The problem, in Zion’s case, is that after he is done providing his unique skill for free, and for the benefit of none but the power structure around him, he is prevented from bringing his individualism to a free market. He is prohibited from making paid appearances, or, while his school sells jerseys with his number on it, making money from merchandise; he cannot sign a sponsorship deal, or, as ESPN runs advertisements with his face for their own coverage, appear in commercials; he can’t even set up a picnic table in the quad at Duke and write his name on a piece of paper for anyone who’ll give him 20 bucks.

“Rugged” individualism, in this case, is perhaps better described as ‘restricted’ individualism, that is, the opposite of a free market. And it goes far beyond Zion.

Picture attempting to bring your individualism to a free market in a community without access to education or job opportunities; picture plotting mobility while working at a job that doesn’t pay a living wage, or innovating without the backing of generational wealth; think about attempting to enter the free market if you are or have been in prison for a non-violent drug offense, or are growing up as one of the 20% of American children who face hunger and inadequate access to food every year.

It’s interesting to think about. In this late model of capitalism, there aren’t really any capitalists left. The rich exist bloated in comfortable enclaves of socialism, while the rest are not even afforded a chance at individualism on a free market, their access restricted and tightly controlled.

Of course, for Zion Williamson, there is a pot of gold at the end of the rainbow, decidedly not true for most people. Even with his year obligation in college, his monetary contribution to millionaires and billionaires out of his own pocket, he will join the professional ranks as a generational talent next year, where he will certainly make millions of dollars.

Unless he blows his knee out in a college game first  …

Which brings us to the other actor in the Zion story — the shoe; the one that disintegrated 36 seconds in to the marquee game of the season.

First things first: Duke University has a sponsorship deal with Nike, meaning all players on the basketball team are obligated to wear Nikes. Zion did not have any input on the shoes which would hold up his 6’7 285-pound frame, to say nothing of his professional basketball dreams.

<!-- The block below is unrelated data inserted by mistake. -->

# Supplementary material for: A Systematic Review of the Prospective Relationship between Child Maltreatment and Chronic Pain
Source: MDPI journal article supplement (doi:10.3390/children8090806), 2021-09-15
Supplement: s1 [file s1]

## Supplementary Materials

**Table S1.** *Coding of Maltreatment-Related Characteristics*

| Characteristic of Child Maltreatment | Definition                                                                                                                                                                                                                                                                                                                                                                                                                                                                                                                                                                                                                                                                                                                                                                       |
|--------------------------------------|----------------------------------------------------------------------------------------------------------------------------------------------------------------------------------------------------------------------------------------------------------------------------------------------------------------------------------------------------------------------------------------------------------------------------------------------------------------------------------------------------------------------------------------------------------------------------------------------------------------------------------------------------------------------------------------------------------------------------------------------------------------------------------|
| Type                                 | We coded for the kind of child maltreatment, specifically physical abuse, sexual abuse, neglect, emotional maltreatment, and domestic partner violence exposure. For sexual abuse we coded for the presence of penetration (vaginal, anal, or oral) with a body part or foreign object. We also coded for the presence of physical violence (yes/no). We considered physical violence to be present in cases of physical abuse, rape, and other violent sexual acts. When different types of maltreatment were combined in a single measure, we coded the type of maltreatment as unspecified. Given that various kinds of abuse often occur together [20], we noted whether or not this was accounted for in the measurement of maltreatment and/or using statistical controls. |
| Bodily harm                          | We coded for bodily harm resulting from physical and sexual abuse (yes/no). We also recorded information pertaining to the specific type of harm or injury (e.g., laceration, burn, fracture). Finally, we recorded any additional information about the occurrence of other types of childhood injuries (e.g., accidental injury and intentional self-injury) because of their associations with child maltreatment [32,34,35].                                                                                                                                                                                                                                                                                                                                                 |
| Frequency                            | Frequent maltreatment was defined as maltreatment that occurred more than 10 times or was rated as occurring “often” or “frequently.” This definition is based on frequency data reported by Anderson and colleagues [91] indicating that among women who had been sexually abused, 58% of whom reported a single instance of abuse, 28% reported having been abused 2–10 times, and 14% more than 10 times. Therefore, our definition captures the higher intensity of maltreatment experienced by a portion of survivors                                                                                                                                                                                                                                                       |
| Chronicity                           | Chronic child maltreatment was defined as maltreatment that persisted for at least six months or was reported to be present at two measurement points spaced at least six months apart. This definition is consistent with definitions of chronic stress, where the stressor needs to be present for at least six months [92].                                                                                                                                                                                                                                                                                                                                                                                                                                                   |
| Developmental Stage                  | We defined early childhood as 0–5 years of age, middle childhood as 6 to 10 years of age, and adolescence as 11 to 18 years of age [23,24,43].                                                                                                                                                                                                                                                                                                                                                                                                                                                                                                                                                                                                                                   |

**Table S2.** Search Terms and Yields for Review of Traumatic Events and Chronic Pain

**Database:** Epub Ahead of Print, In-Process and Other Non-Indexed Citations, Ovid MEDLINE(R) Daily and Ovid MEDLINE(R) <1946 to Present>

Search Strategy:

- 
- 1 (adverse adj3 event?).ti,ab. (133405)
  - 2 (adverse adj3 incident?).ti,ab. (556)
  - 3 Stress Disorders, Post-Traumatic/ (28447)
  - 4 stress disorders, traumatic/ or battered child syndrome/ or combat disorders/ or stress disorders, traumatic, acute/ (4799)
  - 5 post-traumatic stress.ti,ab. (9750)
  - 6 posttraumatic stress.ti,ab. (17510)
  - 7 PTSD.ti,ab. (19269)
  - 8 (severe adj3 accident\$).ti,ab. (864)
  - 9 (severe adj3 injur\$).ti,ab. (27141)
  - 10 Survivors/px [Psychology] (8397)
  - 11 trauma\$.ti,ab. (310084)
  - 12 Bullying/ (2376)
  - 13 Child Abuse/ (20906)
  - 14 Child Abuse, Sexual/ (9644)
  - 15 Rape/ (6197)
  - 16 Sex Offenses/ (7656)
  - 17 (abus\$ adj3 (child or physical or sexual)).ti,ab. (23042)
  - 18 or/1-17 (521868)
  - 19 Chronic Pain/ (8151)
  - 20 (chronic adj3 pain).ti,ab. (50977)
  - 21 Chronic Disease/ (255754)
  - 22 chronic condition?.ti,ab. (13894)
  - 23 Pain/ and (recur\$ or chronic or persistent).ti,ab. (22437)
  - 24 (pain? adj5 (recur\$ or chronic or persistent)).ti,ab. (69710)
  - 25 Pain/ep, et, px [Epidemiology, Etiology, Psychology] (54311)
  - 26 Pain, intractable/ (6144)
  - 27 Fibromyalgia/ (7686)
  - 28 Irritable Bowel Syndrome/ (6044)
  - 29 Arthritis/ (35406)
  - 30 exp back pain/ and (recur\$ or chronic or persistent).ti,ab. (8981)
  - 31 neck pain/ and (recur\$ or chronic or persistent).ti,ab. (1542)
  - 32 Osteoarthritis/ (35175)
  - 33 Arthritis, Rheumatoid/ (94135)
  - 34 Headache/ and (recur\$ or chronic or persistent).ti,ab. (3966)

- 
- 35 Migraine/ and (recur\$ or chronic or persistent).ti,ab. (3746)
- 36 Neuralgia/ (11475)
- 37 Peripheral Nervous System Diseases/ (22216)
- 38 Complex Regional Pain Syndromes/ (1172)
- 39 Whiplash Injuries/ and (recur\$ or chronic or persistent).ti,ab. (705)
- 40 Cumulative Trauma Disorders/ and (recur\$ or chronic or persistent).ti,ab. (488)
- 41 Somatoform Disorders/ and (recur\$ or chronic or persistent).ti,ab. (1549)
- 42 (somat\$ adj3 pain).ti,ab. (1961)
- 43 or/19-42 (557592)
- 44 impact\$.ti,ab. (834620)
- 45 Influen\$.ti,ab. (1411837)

Really, Nike is the perfect character to have in this story, metaphorically speaking. They are one of the preeminent US companies on earth, one of the premier representatives of Americana — picture someone across the world indulging in American culture; they are probably drinking a Coca Cola, eating a Big Mac, and wearing Nikes.

But Nike is also an accurate representation of many large American businesses.

Founded in Eugene in 1964 by two University of Oregon students, Nike grew into an industry leader in the 1970s by following a strategy of extreme outsourcing — whereas only 4% of US footwear was imported in 1964, today that number is 98%. Over the years, Nike not only dismantled an American industry, but was constantly exposed and reprimanded for gross human rights abuses as the company grew into “a symbol of global sweatshop labor.”

In the world of idyllic cliches — a world where “free market capitalism”is a thing — capitalist American businesses provide the best quality goods and services possible at the lowest possible cost to the consumer; this, the result of the competition the ‘free market’ is supposed to drive.

Nike, however, represents a different model, one in which a company endeavors simply to make as much money as possible, no matter the method or destruction caused. For decades Nike has sought to increase profits by lowering costs, seeking out cheaper (and more oppressed) labor and cheaper materials.

Which brings us back to Zion, running up the court wearing decades of cut costs and cut corners on his feet.

The end of the story is that Zion is not badly hurt; he will likely still make his millions.

But the real end of the story is that Zion represents a system in which people at the bottom assume all the risk and pay out of their own pockets to prop up the rich, a system where a shoe produced by a company like Nike falls apart like we used to accuse Russian bots of doing. It is the perfect metaphor for the country. After decades of extreme socialism for the rich, and restricted individualism for the rest, the country, like the shoe under stress, is coming apart at the seams.

Quote of the Week:

Written by Nigel Clarke

Writer and notorious vagabond. From the frozen north. Follow Nigel on Twitter @Nig_Clarke.

Nigel Clarke is a Writer for Progressive Army.

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Nike’s Zion Metaphor